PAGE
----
Archibald Cox, a former Harvard Law School professor, came to national attention in the 1950s as a federal labor official. From 1961 to 1965, he served as SOLICITOR GENERAL. He is best known for his appointment in 1973 as the Department of Justice's special prosecutor in charge of investigating President RICHARD M. NIXON during the WATERGATE scandal. Cox's tenacious pursuit of Nixon's secret tape recordings precipitated a constitutional crisis, led to Cox's firing, and ultimately set the stage for Nixon's resignation from office in 1974.
Born on May 17, 1912, in Plainfield, New Jersey, Cox was one of six children of Archibald Cox and Francis Bruen Cox. He studied American history and economics before entering Harvard Law School, from which he graduated magna cum laude in 1937. After serving a law clerkship for the celebrated federal appellate judge LEARNED HAND, Cox entered private practice. In 1946, he became a full professor of law at Harvard. He held various federal positions in the area of LABOR LAW during the 1940s and 1950s, including that of head of the Korean War–era Wage Stabilization Board following an appointment in 1952 by President HARRY S. TRUMAN. Throughout those decades, he also arbitrated national labor disputes.
By the 1960s, Cox had established a reputation as a specialist in labor law. President JOHN F. KENNEDY sought him out as a campaign adviser in the 1960 election. After winning office, the president rewarded Cox by appointing him U.S. solicitor general, the attorney who argues government cases before the U.S. Supreme Court. Cox held the post until 1965, and then returned to teaching law. He remained a highly sought-after negotiator and mediator. He was chosen by the New York City school system to help settle a teacher strike in 1967, and by Columbia University to investigate riots on its campus in 1968. He served as a special investigator for the Massachusetts state legislature in 1972.
For Cox, the pivotal appointment came in May 1973, when attorney general designate ELLIOT RICHARDSON appointed him to investigate President Nixon's role in the Watergate affair. The scandal had been simmering since the arrest, in June 1972, of five Republican political operatives for breaking into the Democratic party's national headquarters in the Watergate office complex in Washington, D.C. Nixon denied any involvement. But after evidence suggested a connection to White House aides, he promised to appoint a special prosecutor to investigate. When Cox took the appointment, Watergate was chiefly an embarrassment to Nixon; partly through Cox's efforts, it would become Nixon's undoing.
Since 1971, the president had been surreptitiously recording conversations in the White House, and Cox believed that the tapes contained key evidence. Cox put pressure on Nixon to release the recordings. Nixon refused, claiming that he had a constitutional right to keep presidential documents confidential. Cox warned that the refusal would precipitate a constitutional crisis. The Senate Select Committee on Presidential Campaign Activities was also conducting an investigation and was then holding public hearings. The two investigations resulted in a lawsuit that sought to force Nixon to release the tapes, and U.S. district court judge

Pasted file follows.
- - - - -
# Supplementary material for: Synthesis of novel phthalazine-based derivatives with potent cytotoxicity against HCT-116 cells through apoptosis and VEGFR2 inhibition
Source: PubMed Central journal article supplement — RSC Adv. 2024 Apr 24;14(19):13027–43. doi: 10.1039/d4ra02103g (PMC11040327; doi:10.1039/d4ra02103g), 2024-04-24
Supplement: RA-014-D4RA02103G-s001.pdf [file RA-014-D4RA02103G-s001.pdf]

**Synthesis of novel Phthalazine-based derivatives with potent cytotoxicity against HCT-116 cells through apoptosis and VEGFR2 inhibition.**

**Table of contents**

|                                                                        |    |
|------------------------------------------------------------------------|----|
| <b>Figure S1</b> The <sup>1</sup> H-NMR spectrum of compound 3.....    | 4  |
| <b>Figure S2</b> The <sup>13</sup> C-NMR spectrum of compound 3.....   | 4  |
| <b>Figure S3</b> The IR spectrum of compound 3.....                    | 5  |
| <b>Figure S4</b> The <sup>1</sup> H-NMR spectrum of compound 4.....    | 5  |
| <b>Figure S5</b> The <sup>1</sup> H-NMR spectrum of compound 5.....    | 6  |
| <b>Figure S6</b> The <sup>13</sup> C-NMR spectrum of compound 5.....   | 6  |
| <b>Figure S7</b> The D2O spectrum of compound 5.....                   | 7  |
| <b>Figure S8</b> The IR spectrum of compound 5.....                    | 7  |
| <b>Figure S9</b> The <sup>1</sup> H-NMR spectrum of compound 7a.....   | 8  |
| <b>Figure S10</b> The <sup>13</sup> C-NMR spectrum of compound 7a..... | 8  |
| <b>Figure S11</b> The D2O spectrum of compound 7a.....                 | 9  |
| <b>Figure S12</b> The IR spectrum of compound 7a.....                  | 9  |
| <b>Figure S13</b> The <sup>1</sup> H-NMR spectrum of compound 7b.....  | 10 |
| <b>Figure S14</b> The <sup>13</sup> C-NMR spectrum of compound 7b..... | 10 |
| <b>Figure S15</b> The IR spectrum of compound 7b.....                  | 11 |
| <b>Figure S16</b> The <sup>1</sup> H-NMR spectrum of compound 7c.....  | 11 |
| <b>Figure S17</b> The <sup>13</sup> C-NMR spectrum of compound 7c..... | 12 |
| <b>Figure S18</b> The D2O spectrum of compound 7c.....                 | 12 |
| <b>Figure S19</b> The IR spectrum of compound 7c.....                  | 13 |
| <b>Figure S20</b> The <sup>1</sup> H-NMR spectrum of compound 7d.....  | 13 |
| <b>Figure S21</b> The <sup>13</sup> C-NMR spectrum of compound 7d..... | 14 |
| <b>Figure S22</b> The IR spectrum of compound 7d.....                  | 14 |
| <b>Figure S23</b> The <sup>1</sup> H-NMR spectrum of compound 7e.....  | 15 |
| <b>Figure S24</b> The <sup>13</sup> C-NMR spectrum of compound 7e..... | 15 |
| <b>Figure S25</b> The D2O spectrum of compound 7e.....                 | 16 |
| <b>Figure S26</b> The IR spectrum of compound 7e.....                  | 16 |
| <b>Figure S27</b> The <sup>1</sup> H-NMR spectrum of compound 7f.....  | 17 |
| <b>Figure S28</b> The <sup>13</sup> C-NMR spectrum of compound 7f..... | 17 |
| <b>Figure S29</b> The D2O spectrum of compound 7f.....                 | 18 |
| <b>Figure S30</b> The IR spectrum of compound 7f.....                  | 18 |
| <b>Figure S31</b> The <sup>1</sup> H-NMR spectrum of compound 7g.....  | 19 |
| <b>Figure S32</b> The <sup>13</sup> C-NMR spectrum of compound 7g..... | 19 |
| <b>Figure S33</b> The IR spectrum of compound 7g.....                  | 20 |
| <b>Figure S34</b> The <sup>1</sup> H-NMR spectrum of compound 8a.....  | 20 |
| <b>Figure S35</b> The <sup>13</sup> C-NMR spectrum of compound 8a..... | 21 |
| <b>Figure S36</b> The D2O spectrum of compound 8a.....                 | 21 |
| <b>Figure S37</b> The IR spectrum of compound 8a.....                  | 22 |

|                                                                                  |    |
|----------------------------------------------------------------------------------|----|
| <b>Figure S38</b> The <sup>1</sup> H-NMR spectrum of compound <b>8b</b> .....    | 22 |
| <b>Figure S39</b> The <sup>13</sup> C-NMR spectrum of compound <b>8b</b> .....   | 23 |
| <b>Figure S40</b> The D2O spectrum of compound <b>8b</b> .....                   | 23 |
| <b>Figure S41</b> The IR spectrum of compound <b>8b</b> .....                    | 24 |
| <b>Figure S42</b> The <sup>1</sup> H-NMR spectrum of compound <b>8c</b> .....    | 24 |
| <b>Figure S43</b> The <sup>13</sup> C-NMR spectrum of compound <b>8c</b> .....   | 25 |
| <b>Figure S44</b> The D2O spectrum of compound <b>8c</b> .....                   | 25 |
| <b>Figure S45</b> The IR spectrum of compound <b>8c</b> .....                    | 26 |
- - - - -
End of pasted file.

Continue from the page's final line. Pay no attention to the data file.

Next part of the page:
John J. Sirica ultimately ordered the president to do so. The president stonewalled.
By October 1973, Nixon had had enough. He wanted Cox gone. But rather than compromise the integrity of the DEPARTMENT OF JUSTICE by firing the special prosecutor, Attorney General Richardson and Deputy Attorney General William D. Ruckelshaus resigned. Nixon ultimately found someone who was willing to do the job. He promoted Solicitor General ROBERT H. BORK to acting attorney general, and Bork fired Cox. Cox told the press, "Whether ours shall continue to be a government of laws and
not of men is now for Congress and ultimately the American people to decide."
The public uproar following Cox's firing—including 3 million messages of protest sent to Congress—further destabilized the president, who was increasingly viewed as covering up his role in Watergate. Resolutions urging IMPEACHMENT were quickly introduced in the House of Representatives. Nine months later, the U.S. Supreme Court, in UNITED STATES V. NIXON, 418 U.S. 683, 94 S. Ct. 3090, 41 L. Ed. 2d 1039 (1974), ordered Nixon to surrender materials that he had withheld from the Senate. On August 9, 1974, with impeachment almost certain, he resigned from office.
Cox returned to teaching at Harvard in 1976, pronouncing himself satisfied with the outcome of the Watergate affair. He remained at Harvard until 1984 and then served as a visiting professor of law at Boston University from 1984 to 1996. In his later years, he has advocated reform of campaign finance laws, delivering several speeches about the ethics of campaign financing in presidential elections. In 2000, he joined a lawsuit against the FEDERAL ELECTION COMMISSION, claiming that political partyfinanced advertisements in support of presidential candidates were illegal. The case was eventually dismissed by the U.S. Court of Appeals for the District of Columbia Circuit. Wertheimer v. Federal Election Comm'n, 268 F.3d 1070 (D.C. Cir. 2001).
Besides writings in the legal and popular press, Cox's prodigious output of scholarship includes Cases on Labor Law (1948, 8th edition 1976), Civil Rights, the Constitution, and the Courts (1967), The Role of the Supreme Court in American Government (1976), and The Court and the Constitution (1987). Cox is a member of the American Academy of Arts and Sciences and the recipient of eight honorary law degrees from U.S. universities.
In 1997, Cox was the subject of a biography entitled Archibald Cox: Conscience of a Nation by Ken Gormley. The book focuses on Cox's long and distinguished career as a public servant. In 2001, Cox was honored with the Presidential Citizens Medal for exemplary public service.